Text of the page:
Notes from first class for future #PaxEx design

Details and Design banner with text on graph paper backgroundAfter making the most of sweet spot redemptions in several frequent flyer mile programs recently, I got to thinking about how the lessons of what is inherently the sunset of international first class can be applied to the future of the passenger experience.

Some of these thoughts may well be most applicable to business class. But it’s not just the pointy end: even before the biggest shock to the aviation industry, there was soft product #PaxEx osmosis from business to premium economy.

Think about materials — but carefully

Today’s first class (and upmarket business class) seats are already focusing on materials, with new color, pattern, texture and luminescence options for thermoplastics particularly useful for avoiding the “white wall” of seats extending in the long ranks of today’s longer modern aircraft cabins.

This trend needs to expand when industry recovers, and not just in premium cabins, although here the sight of serried ranks of monochrome moldings is starting to look like inattention to important design details.

The thoughtful thermoplastic choices in Singapore Airlines’ new A380 business class was noticeable when it came to avoiding the ‘serried ranks’ visual. Image: John Walton

Thermoplastics that catch the light differently depending on angle, that diffuse it, and that bring options for color palettes beyond just off-white, are an option throughout the aircraft.

Thoughtful antimacassar usage (a phrase which, in fairness, I never thought I would write) is another way to break up that wall, as is considering how to use the welcome screens on increasingly large inflight entertainment monitors to look harmonious.

Mix national cuisine with comfort food

Beyond caviar, lobster thermidor or kaiseki-style dégustation menus, the wide range of delicious comfort food on offer in first class is something to consider spreading more widely when industry recovers.

Satay is another simple but signature comfort food choice. Image: John Walton

ANA does this fabulously: its anytime snack menu is awash with Japanese delights from a classic family curry to a delicious, warming bowl of ramen, as well as traditional accompaniments for sake like moreish shrimp crackers and chewy, umami-laden satsuma-age, a fishcake from Kagoshima prefecture.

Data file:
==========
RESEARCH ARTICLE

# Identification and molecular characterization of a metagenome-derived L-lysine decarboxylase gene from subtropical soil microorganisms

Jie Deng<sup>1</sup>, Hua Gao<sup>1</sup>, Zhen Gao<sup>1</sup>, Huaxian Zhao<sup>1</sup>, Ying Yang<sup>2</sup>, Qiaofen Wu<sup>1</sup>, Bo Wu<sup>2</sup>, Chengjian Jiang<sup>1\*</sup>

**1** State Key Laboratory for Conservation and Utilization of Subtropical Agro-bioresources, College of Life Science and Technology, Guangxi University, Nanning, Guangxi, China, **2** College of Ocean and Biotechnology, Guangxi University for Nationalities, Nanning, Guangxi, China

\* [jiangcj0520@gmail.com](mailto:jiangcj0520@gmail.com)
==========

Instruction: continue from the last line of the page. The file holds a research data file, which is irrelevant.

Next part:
Give me satsuma-age any time and I’m happy on a plane. Image: John Walton

The signature Singapore Sling is also a great example: the national carrier serves it in every class, although the first class version is a fair bit swankier than in economy. And this kind of option is just perfect for the ‘gram.

The Singapore Sling is the perfect example of a great inflight cocktail in any class. Image: John Walton

Focus on service and the little things

One of the most striking differences between business and first class is the service: it’s the personalized details, the thoughtful touches, remembering your drink orders, and so on. More than anything else, it reminds me of a great local bar, where the flight attendants take the time to become your favorite bartender in a matter of minutes.


This is obviously easier in a ten-person cabin than in one holding fifty or three hundred people. But it’s very much not impossible, given the amount of information that airlines hold about us and the rollout of personal electronic devices to crew that allow them to use that information to personalize service.

This will naturally be different on a short hop versus an ultra-longhaul flight, but even then, a quick moment to make an extra connection or extend an extra courtesy can go a long way towards making a truly memorable experience.

Use modern aviation hardware to improve the experience

The bells and whistles of first class are extensive, from the seating materials to the lighting and everything in between. Indeed, it’s been interesting to see the spread of softer, non-spot lighting that more closely resembles the residential experience over the last few years.

But soft, indirect lighting isn’t just for the pointy end of the plane. Modern airliners all come with LED lighting, much of which is programmable to help to subtly shift mood and influence psychology.

Spreading premium-feel cabin fittings throughout the aircraft is an important focus. Image: John Walton

Move from the brighter blue lighting to a dimmer orange color, like the night shift function on a computer, smartphone or tablet. And consider something signature and fun: the cool, moving blues of Finnair and Icelandair are great inspiration for whole-plane #PaxEx.

The future for first class isn’t a bright one — but the opportunity to bring some of its best parts throughout the aircraft certainly is.

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